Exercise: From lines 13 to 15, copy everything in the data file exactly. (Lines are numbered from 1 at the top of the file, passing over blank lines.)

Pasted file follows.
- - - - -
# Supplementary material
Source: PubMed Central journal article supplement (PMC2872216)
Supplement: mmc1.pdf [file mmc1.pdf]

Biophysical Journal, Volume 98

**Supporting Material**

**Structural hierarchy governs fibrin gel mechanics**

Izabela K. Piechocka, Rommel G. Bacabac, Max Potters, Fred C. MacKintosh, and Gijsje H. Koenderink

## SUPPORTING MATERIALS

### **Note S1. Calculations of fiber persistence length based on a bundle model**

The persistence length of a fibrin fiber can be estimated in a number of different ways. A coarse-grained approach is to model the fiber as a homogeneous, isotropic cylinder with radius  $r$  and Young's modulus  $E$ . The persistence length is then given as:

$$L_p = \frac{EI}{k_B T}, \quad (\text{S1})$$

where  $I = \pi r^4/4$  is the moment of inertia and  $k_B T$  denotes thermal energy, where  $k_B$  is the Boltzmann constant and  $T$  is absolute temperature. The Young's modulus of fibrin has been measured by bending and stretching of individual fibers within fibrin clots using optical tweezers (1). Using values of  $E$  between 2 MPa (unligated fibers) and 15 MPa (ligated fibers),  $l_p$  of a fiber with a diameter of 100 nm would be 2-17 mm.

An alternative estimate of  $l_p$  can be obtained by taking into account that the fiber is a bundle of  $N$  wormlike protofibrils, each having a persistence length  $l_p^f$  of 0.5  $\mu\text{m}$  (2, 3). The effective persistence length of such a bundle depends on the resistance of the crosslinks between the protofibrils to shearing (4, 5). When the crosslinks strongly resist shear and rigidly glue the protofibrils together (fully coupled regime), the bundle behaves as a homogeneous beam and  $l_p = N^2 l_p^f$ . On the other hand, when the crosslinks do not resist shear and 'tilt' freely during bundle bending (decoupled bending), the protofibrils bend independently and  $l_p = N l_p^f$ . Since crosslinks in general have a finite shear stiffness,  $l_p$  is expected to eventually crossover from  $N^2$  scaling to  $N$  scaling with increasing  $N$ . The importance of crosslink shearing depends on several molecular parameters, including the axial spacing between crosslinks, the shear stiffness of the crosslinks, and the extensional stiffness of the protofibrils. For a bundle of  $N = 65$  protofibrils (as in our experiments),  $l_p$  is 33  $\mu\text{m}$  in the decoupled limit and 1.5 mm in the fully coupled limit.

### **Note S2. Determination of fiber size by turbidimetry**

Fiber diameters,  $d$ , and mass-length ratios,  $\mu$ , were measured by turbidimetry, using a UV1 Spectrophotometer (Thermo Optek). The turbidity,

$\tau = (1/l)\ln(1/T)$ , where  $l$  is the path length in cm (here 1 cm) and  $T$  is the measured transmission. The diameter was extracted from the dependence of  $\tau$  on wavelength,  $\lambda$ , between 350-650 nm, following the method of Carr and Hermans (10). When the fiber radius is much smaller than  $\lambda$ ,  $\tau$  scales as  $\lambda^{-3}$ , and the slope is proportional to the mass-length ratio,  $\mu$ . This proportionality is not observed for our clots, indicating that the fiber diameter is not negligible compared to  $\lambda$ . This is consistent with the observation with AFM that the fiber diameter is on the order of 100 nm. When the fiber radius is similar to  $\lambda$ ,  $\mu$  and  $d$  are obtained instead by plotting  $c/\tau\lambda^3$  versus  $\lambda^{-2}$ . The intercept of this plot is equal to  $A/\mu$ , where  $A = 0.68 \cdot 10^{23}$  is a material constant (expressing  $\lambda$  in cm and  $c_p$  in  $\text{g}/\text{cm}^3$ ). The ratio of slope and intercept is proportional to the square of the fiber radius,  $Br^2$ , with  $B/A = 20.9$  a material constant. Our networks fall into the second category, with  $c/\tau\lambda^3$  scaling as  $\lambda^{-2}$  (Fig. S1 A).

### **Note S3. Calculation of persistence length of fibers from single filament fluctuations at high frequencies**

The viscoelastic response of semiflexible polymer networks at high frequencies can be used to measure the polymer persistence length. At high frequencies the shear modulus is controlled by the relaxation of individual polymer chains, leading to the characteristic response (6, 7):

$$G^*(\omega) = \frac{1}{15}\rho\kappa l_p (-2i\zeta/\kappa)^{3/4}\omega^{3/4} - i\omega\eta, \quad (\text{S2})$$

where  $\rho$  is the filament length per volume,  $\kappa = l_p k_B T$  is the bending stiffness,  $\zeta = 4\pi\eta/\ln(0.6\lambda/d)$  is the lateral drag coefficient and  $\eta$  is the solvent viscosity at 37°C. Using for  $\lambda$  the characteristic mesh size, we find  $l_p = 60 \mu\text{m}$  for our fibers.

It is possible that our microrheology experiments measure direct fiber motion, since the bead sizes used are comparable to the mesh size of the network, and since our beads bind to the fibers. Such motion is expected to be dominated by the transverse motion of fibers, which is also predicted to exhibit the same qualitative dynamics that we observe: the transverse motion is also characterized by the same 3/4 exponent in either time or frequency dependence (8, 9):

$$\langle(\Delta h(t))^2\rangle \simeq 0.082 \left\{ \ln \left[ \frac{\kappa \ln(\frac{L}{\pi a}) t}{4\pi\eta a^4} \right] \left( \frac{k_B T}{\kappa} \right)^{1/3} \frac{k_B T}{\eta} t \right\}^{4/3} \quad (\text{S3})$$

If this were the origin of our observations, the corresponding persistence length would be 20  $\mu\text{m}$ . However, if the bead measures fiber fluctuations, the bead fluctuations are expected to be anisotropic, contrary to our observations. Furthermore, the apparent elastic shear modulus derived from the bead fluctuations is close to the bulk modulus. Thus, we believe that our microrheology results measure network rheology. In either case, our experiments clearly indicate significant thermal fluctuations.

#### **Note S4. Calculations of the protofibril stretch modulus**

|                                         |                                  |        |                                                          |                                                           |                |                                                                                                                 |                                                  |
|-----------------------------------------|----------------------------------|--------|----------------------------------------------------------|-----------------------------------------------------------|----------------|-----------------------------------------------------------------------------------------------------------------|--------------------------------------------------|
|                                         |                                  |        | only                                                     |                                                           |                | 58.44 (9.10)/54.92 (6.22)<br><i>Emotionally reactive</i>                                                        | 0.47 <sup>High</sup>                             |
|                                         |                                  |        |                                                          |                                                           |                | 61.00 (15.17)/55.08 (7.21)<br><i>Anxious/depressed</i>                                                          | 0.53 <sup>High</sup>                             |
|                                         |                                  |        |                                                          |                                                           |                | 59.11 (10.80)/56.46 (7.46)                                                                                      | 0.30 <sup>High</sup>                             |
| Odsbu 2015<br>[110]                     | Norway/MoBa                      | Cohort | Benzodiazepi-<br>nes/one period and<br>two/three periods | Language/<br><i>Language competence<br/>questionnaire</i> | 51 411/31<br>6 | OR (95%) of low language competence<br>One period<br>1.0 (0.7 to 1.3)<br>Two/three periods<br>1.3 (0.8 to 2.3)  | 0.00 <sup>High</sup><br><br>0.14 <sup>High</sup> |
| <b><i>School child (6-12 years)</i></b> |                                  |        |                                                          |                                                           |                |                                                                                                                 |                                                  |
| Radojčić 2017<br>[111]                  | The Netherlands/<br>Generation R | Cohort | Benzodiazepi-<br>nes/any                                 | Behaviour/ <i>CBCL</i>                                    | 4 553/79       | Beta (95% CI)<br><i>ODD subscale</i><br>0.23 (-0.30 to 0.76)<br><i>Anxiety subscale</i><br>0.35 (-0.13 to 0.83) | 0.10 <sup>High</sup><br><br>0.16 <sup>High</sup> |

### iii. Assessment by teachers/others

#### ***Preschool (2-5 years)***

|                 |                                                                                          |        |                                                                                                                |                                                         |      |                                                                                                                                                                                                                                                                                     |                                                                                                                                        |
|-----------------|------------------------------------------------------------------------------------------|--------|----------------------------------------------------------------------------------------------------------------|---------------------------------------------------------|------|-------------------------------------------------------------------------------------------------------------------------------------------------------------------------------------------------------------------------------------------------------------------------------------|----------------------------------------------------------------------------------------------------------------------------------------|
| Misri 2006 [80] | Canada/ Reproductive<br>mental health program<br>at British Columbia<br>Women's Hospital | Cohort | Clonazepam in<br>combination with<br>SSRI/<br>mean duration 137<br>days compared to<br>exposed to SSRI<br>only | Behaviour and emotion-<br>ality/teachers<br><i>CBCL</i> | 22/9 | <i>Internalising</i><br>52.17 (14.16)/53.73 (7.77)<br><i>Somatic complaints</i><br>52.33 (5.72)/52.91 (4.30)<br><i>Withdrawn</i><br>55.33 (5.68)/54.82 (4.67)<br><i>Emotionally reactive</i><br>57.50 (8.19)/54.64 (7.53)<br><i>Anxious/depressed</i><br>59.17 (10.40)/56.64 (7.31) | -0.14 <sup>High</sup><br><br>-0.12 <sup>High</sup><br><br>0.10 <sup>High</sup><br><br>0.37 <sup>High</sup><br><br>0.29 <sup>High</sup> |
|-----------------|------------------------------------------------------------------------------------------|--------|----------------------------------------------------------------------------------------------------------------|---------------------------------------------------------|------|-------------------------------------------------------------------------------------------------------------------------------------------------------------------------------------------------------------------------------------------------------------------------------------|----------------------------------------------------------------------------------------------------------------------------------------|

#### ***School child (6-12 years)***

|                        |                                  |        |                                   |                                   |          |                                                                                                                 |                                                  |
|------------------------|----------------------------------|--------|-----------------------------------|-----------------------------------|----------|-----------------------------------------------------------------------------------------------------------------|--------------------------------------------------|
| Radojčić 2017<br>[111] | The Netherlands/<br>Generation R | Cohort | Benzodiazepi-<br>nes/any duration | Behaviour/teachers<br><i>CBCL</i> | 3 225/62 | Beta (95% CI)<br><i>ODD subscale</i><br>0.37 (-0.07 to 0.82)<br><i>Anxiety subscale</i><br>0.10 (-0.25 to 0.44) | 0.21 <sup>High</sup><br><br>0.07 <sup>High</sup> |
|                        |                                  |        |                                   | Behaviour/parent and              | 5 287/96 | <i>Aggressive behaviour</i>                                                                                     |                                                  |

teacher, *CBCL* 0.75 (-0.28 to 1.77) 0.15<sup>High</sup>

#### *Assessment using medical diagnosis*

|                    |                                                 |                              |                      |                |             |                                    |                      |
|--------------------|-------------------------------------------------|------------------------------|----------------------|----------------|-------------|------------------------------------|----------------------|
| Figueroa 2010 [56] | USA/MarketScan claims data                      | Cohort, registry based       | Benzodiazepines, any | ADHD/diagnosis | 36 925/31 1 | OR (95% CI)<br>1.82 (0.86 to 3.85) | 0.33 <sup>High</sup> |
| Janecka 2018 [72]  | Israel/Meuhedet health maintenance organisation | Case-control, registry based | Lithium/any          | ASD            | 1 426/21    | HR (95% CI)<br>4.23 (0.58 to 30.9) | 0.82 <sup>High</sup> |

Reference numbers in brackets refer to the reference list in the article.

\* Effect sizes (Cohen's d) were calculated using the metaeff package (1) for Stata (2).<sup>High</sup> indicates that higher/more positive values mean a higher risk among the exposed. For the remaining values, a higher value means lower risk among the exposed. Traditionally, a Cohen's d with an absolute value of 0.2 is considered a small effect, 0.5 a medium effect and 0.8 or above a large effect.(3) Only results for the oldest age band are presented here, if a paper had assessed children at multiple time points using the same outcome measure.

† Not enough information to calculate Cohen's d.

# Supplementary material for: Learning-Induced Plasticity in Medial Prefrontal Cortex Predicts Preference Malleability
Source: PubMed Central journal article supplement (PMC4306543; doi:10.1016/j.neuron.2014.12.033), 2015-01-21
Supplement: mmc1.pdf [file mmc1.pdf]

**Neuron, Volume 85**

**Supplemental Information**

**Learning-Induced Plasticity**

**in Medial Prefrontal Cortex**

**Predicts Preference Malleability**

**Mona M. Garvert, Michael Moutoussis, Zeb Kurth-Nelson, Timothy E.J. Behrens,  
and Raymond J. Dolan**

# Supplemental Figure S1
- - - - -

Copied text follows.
An alternative estimate of  $l_p$  can be obtained by taking into account that the fiber is a bundle of  $N$  wormlike protofibrils, each having a persistence length  $l_p^f$  of 0.5  $\mu\text{m}$  (2, 3). The effective persistence length of such a bundle depends on the resistance of the crosslinks between the protofibrils to shearing (4, 5). When the crosslinks strongly resist shear and rigidly glue the protofibrils together (fully coupled regime), the bundle behaves as a homogeneous beam and  $l_p = N^2 l_p^f$ . On the other hand, when the crosslinks do not resist shear and 'tilt' freely during bundle bending (decoupled bending), the protofibrils bend independently and  $l_p = N l_p^f$ . Since crosslinks in general have a finite shear stiffness,  $l_p$  is expected to eventually crossover from  $N^2$  scaling to  $N$  scaling with increasing  $N$ . The importance of crosslink shearing depends on several molecular parameters, including the axial spacing between crosslinks, the shear stiffness of the crosslinks, and the extensional stiffness of the protofibrils. For a bundle of  $N = 65$  protofibrils (as in our experiments),  $l_p$  is 33  $\mu\text{m}$  in the decoupled limit and 1.5 mm in the fully coupled limit.

### **Note S2. Determination of fiber size by turbidimetry**

Fiber diameters,  $d$ , and mass-length ratios,  $\mu$ , were measured by turbidimetry, using a UV1 Spectrophotometer (Thermo Optek). The turbidity,